MOSCOW – The hostess emerged through the haze of a smoke machine, wearing huge fake claws and what appeared to be a transparent nun’s garb held in place by a belt adorned with a large cross, presumably sacrilegious.
Russian Vogue declared Anastasia Ivleyeva’s 30th birthday party the “biggest party of the year”. She was certainly firing the gun at yet another party season for Moscow’s super-rich – the coronavirus and President Putin’s growing political repression be damned.
Ivleyeva, known as the First Lady of Runet (Russian Internet), predicted her costume party would be Moscow’s response to the Met Gala, and guests didn’t disappoint, showing up decked out in tailoring, jewelry, wreaths, wood. and dozens of elaborate headwear and designer costume items. Some have toured the restaurant on motorbikes.
The only thing missing were face masks to slow the spread of COVID-19 among carefree revelers.
Since Ivleyeva’s party last week, Moscow’s filthy rich have been going wild – all of this is documented on social media. Anna Mongait, a star of Russian independent television channel TV Rain, told the Daily Beast that it was difficult to decide which glamorous event to go to each night.
After two intense months of pro-Alexei Navalny protests that have gripped the country, people are ready to turn to the party.
“There was a high period of political protests, a fashion for political discussions,” Mongait said. “And now it’s like after sex, everyone is feeling a bit overwhelmed and in need of some fun.”
Mainstream celebrities and newly rising internet stars drink from dusk till dawn, laugh at the pandemic, dress in crazy outfits and celebrate the newly opened bars.
Ivleyeva has established herself as a leader of the new generation of influencers, proudly apolitical. Despite the escalation of Cold War rhetoric between Washington and Moscow, the new breed of Russian celebrities want to show that they are creative and free, as they imagine their counterparts in Los Angeles or New York.
But many American cultural figures also adopt charitable projects or political campaigns. Last week, a group of high profile Hollywood stars signed a letter of support for arrested Pussy Riot members Maria Alyokhina and Ludmila Stein, who are on trial.
You won’t hear that from the attendees of the “Russian Met Gala”. If they signed a similar letter, Russian artists would lose favor with the Kremlin, costing them contracts for state-sponsored events. Russian cultural figures face some of the worst political pressures from the Putin regime. If celebrities dare to engage, they do it quietly, behind the scenes.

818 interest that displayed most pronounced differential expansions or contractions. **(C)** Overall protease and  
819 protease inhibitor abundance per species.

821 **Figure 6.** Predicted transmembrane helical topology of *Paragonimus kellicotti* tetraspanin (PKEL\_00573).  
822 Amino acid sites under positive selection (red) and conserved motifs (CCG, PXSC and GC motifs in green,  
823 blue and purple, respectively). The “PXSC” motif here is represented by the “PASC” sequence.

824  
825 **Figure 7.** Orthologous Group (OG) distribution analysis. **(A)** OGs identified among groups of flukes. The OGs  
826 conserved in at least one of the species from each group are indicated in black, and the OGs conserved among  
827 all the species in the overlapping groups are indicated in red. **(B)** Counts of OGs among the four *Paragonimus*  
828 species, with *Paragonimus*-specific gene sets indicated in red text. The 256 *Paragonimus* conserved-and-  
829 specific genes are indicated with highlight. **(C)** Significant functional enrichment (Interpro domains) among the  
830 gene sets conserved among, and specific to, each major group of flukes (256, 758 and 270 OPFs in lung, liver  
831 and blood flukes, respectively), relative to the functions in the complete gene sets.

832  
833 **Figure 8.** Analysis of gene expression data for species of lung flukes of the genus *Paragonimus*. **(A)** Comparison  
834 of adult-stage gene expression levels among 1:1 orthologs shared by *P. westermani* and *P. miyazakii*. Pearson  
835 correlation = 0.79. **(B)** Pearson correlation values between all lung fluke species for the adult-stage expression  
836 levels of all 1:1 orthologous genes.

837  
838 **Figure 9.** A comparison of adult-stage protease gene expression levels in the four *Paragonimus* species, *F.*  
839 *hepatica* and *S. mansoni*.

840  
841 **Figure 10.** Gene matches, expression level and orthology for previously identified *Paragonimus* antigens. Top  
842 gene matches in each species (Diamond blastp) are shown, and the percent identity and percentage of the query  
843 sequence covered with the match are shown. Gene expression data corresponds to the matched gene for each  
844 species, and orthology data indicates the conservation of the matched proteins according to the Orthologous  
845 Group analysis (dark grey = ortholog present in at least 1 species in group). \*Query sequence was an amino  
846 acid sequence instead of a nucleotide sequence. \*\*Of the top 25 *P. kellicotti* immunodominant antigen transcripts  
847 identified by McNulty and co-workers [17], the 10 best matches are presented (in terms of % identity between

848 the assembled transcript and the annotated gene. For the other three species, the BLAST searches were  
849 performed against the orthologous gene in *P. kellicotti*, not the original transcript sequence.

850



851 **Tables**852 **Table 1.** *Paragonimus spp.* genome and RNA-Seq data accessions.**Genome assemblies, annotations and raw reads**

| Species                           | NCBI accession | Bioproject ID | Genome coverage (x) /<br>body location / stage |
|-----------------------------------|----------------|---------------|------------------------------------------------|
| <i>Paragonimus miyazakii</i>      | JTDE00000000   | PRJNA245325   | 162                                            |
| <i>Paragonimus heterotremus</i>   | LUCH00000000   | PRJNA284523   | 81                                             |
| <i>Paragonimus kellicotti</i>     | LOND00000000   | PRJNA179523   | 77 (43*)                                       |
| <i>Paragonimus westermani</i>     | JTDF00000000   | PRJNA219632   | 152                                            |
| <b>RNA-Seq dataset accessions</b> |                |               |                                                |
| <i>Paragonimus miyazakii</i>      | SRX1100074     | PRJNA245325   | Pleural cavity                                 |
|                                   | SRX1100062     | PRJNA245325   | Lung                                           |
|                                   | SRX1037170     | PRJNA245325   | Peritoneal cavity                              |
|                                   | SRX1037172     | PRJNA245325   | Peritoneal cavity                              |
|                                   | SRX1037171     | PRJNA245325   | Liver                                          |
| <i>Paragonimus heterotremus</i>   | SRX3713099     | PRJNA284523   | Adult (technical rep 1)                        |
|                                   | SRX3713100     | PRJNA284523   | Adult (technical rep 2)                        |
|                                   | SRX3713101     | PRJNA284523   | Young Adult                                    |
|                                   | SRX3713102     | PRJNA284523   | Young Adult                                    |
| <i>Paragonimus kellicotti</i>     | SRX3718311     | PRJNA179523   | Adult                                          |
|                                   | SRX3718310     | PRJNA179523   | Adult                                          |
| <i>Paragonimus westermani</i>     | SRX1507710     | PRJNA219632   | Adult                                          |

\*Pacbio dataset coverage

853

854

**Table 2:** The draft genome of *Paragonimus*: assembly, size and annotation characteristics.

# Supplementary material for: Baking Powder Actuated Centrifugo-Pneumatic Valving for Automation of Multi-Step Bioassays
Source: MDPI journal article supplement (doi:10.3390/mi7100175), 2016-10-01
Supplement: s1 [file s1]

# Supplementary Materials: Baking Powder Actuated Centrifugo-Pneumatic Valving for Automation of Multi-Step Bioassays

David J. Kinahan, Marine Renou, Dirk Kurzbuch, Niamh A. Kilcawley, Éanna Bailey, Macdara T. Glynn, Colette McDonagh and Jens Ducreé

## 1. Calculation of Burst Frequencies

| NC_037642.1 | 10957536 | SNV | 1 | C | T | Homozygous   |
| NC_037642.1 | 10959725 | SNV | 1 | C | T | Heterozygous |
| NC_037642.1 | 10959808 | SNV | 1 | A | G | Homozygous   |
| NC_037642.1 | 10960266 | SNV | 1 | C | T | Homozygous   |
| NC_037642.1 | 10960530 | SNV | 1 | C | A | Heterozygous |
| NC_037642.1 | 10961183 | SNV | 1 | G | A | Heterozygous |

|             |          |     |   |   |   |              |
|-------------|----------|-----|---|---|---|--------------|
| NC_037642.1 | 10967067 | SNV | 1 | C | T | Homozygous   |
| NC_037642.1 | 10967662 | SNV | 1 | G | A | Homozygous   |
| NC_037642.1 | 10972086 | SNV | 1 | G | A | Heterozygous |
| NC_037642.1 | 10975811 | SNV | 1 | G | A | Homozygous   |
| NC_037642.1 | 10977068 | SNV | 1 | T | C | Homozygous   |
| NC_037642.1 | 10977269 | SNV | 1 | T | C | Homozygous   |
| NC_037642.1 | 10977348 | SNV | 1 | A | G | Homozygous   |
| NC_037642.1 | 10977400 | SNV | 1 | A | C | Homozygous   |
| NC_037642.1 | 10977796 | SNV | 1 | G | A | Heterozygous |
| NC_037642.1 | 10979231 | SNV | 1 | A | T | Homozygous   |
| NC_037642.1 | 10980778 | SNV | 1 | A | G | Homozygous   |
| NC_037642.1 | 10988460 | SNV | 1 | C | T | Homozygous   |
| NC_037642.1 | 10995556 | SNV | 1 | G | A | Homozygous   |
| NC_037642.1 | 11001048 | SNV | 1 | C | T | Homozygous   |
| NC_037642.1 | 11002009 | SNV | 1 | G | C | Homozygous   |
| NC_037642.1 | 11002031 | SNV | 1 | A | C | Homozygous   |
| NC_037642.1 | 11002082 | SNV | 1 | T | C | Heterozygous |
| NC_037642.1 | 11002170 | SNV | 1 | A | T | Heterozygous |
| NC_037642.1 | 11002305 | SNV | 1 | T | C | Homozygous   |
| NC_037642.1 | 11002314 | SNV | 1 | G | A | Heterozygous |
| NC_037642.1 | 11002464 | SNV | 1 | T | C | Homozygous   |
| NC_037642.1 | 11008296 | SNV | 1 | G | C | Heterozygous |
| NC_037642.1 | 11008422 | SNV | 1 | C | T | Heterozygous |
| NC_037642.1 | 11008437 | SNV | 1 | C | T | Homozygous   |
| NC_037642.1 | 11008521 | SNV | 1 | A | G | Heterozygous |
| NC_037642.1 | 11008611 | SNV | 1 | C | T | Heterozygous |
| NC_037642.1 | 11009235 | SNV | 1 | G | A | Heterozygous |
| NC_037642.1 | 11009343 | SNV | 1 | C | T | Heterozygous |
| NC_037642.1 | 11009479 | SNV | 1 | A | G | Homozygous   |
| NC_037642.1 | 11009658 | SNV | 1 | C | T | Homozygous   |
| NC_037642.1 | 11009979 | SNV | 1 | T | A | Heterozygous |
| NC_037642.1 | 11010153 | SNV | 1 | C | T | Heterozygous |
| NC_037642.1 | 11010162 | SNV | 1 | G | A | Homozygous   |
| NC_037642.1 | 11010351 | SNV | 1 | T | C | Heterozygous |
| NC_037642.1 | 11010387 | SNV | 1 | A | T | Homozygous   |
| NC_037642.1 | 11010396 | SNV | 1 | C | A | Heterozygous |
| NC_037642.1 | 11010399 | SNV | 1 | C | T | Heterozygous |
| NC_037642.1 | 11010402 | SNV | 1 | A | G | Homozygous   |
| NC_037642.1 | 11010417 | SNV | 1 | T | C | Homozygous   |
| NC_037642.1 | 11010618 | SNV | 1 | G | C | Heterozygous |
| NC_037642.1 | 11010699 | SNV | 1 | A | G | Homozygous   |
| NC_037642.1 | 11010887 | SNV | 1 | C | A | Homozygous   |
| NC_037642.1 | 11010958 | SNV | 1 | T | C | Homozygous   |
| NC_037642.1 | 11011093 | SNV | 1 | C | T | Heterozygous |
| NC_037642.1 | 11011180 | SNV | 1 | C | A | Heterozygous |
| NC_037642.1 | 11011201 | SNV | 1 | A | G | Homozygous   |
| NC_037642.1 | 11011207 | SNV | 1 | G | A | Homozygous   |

Popular author and documentary maker Mikhail Zygar says the current situation in Russia resembles the days of Josef Stalin. Right before the great purge – when tens of thousands of Russian intellectuals were arrested and sent to the Gulag – there was a great flowering of cultural life. “The social life of Moscow reminds me today of the social life of 1934”, he explained during a Russian art journal Event.
Some Russian cultural figures are more courageous than others. Last week, the Film Critics and Filmmakers Guild presented Navalny with an award for a series of investigative documentaries. Putin loyalist Nikita Mikhalkov, an Oscar-winning director, was outraged. “Navalny has nothing to do with cinematography,” he said.
There was certainly no party politics at Ivleyeva’s big party, although she has donated over $ 15,000 to the Independent Doctors Alliance – a Navalny-related project – in the past.
Instead, Ivleyeva’s guests focused on mocking the pandemic. They cheered in a bar lined with medical stands for holding intravenous tubes. The Komsomolskaya Pravda The newspaper quoted angry Russians condemning the “monsters” and comparing their behavior to the book Vanity Fair, who satirized 19th century British aristocracy. The Russians also recalled the tragedy of Alexander Pushkin The feast at the time of the plague.
Ivleyeva – who has over 20 million followers on social media – didn’t back down. “I showed Mother Russia how to hang out,” she says.
Moscow’s ultra-rich revelers agree.
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